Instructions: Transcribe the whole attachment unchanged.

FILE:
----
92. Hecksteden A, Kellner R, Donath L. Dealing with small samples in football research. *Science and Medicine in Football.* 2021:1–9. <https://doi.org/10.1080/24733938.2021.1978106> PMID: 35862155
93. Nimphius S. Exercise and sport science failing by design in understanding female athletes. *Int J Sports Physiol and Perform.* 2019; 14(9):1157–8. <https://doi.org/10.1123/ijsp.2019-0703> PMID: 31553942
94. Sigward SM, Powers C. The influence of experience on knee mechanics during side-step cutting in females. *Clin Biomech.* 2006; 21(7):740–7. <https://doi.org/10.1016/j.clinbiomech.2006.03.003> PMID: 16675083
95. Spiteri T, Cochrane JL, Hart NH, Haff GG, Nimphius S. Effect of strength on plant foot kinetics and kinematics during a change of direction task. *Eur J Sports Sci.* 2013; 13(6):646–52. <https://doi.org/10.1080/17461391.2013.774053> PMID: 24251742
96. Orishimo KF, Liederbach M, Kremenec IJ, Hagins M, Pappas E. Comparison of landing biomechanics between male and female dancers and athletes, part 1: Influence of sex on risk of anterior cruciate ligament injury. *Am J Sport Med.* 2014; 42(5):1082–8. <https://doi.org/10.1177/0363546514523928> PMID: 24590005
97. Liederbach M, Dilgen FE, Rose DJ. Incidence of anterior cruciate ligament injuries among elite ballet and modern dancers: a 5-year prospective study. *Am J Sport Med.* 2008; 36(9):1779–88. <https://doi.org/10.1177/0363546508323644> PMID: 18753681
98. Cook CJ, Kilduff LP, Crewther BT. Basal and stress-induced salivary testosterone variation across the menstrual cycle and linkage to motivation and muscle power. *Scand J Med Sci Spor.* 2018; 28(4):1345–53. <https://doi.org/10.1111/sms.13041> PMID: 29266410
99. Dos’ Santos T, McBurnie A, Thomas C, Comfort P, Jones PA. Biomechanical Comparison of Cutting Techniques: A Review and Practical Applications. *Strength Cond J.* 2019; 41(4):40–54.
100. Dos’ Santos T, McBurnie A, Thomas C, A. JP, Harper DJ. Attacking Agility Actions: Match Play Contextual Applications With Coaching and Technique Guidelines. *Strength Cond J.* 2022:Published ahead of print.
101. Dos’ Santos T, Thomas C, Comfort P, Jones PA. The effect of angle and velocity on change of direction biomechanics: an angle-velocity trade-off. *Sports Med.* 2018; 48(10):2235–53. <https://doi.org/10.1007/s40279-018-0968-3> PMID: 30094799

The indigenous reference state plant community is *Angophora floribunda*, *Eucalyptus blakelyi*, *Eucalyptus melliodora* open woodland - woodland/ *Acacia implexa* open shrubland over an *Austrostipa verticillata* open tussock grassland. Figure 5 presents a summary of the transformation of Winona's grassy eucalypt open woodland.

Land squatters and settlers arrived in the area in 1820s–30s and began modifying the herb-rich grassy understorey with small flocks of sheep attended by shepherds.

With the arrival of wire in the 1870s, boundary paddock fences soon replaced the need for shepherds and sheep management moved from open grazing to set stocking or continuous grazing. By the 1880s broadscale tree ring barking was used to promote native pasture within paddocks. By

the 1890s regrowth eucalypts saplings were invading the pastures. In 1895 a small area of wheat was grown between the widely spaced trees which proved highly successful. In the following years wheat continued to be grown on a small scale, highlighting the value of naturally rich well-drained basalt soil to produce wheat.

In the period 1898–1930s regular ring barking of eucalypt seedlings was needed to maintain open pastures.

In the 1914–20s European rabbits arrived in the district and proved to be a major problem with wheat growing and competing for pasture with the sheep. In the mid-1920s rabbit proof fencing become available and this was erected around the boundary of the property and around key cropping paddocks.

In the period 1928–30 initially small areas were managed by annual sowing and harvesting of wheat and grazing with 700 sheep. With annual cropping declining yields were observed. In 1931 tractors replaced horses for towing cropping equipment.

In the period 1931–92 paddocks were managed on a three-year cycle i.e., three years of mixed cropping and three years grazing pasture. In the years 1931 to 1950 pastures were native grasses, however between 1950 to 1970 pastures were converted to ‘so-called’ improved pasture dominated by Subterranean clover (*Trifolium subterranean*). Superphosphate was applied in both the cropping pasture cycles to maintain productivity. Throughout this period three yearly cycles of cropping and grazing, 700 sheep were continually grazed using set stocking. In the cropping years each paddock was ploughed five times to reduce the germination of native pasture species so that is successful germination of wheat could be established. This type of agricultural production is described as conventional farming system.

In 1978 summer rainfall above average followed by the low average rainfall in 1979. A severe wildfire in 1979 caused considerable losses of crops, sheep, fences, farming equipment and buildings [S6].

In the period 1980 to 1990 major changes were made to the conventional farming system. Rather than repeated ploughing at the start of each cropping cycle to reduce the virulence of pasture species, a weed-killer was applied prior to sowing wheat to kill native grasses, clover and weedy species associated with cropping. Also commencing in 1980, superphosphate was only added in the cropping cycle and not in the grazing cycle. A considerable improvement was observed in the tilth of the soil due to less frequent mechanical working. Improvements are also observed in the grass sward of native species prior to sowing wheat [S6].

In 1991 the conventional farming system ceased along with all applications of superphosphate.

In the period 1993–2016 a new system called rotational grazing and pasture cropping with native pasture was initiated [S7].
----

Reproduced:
92. Hecksteden A, Kellner R, Donath L. Dealing with small samples in football research. *Science and Medicine in Football.* 2021:1–9. <https://doi.org/10.1080/24733938.2021.1978106> PMID: 35862155
93. Nimphius S. Exercise and sport science failing by design in understanding female athletes. *Int J Sports Physiol and Perform.* 2019; 14(9):1157–8. <https://doi.org/10.1123/ijsp.2019-0703> PMID: 31553942
94. Sigward SM, Powers C. The influence of experience on knee mechanics during side-step cutting in females. *Clin Biomech.* 2006; 21(7):740–7. <https://doi.org/10.1016/j.clinbiomech.2006.03.003> PMID: 16675083
95. Spiteri T, Cochrane JL, Hart NH, Haff GG, Nimphius S. Effect of strength on plant foot kinetics and kinematics during a change of direction task. *Eur J Sports Sci.* 2013; 13(6):646–52. <https://doi.org/10.1080/17461391.2013.774053> PMID: 24251742
96. Orishimo KF, Liederbach M, Kremenec IJ, Hagins M, Pappas E. Comparison of landing biomechanics between male and female dancers and athletes, part 1: Influence of sex on risk of anterior cruciate ligament injury. *Am J Sport Med.* 2014; 42(5):1082–8. <https://doi.org/10.1177/0363546514523928> PMID: 24590005
97. Liederbach M, Dilgen FE, Rose DJ. Incidence of anterior cruciate ligament injuries among elite ballet and modern dancers: a 5-year prospective study. *Am J Sport Med.* 2008; 36(9):1779–88. <https://doi.org/10.1177/0363546508323644> PMID: 18753681
98. Cook CJ, Kilduff LP, Crewther BT. Basal and stress-induced salivary testosterone variation across the menstrual cycle and linkage to motivation and muscle power. *Scand J Med Sci Spor.* 2018; 28(4):1345–53. <https://doi.org/10.1111/sms.13041> PMID: 29266410
99. Dos’ Santos T, McBurnie A, Thomas C, Comfort P, Jones PA. Biomechanical Comparison of Cutting Techniques: A Review and Practical Applications. *Strength Cond J.* 2019; 41(4):40–54.
100. Dos’ Santos T, McBurnie A, Thomas C, A. JP, Harper DJ. Attacking Agility Actions: Match Play Contextual Applications With Coaching and Technique Guidelines. *Strength Cond J.* 2022:Published ahead of print.
101. Dos’ Santos T, Thomas C, Comfort P, Jones PA. The effect of angle and velocity on change of direction biomechanics: an angle-velocity trade-off. *Sports Med.* 2018; 48(10):2235–53. <https://doi.org/10.1007/s40279-018-0968-3> PMID: 30094799

The indigenous reference state plant community is *Angophora floribunda*, *Eucalyptus blakelyi*, *Eucalyptus melliodora* open woodland - woodland/ *Acacia implexa* open shrubland over an *Austrostipa verticillata* open tussock grassland. Figure 5 presents a summary of the transformation of Winona's grassy eucalypt open woodland.

Land squatters and settlers arrived in the area in 1820s–30s and began modifying the herb-rich grassy understorey with small flocks of sheep attended by shepherds.

With the arrival of wire in the 1870s, boundary paddock fences soon replaced the need for shepherds and sheep management moved from open grazing to set stocking or continuous grazing. By the 1880s broadscale tree ring barking was used to promote native pasture within paddocks. By

the 1890s regrowth eucalypts saplings were invading the pastures. In 1895 a small area of wheat was grown between the widely spaced trees which proved highly successful. In the following years wheat continued to be grown on a small scale, highlighting the value of naturally rich well-drained basalt soil to produce wheat.

In the period 1898–1930s regular ring barking of eucalypt seedlings was needed to maintain open pastures.

In the 1914–20s European rabbits arrived in the district and proved to be a major problem with wheat growing and competing for pasture with the sheep. In the mid-1920s rabbit proof fencing become available and this was erected around the boundary of the property and around key cropping paddocks.

In the period 1928–30 initially small areas were managed by annual sowing and harvesting of wheat and grazing with 700 sheep. With annual cropping declining yields were observed. In 1931 tractors replaced horses for towing cropping equipment.

In the period 1931–92 paddocks were managed on a three-year cycle i.e., three years of mixed cropping and three years grazing pasture. In the years 1931 to 1950 pastures were native grasses, however between 1950 to 1970 pastures were converted to ‘so-called’ improved pasture dominated by Subterranean clover (*Trifolium subterranean*). Superphosphate was applied in both the cropping pasture cycles to maintain productivity. Throughout this period three yearly cycles of cropping and grazing, 700 sheep were continually grazed using set stocking. In the cropping years each paddock was ploughed five times to reduce the germination of native pasture species so that is successful germination of wheat could be established. This type of agricultural production is described as conventional farming system.

In 1978 summer rainfall above average followed by the low average rainfall in 1979. A severe wildfire in 1979 caused considerable losses of crops, sheep, fences, farming equipment and buildings [S6].

In the period 1980 to 1990 major changes were made to the conventional farming system. Rather than repeated ploughing at the start of each cropping cycle to reduce the virulence of pasture species, a weed-killer was applied prior to sowing wheat to kill native grasses, clover and weedy species associated with cropping. Also commencing in 1980, superphosphate was only added in the cropping cycle and not in the grazing cycle. A considerable improvement was observed in the tilth of the soil due to less frequent mechanical working. Improvements are also observed in the grass sward of native species prior to sowing wheat [S6].

In 1991 the conventional farming system ceased along with all applications of superphosphate.

In the period 1993–2016 a new system called rotational grazing and pasture cropping with native pasture was initiated [S7].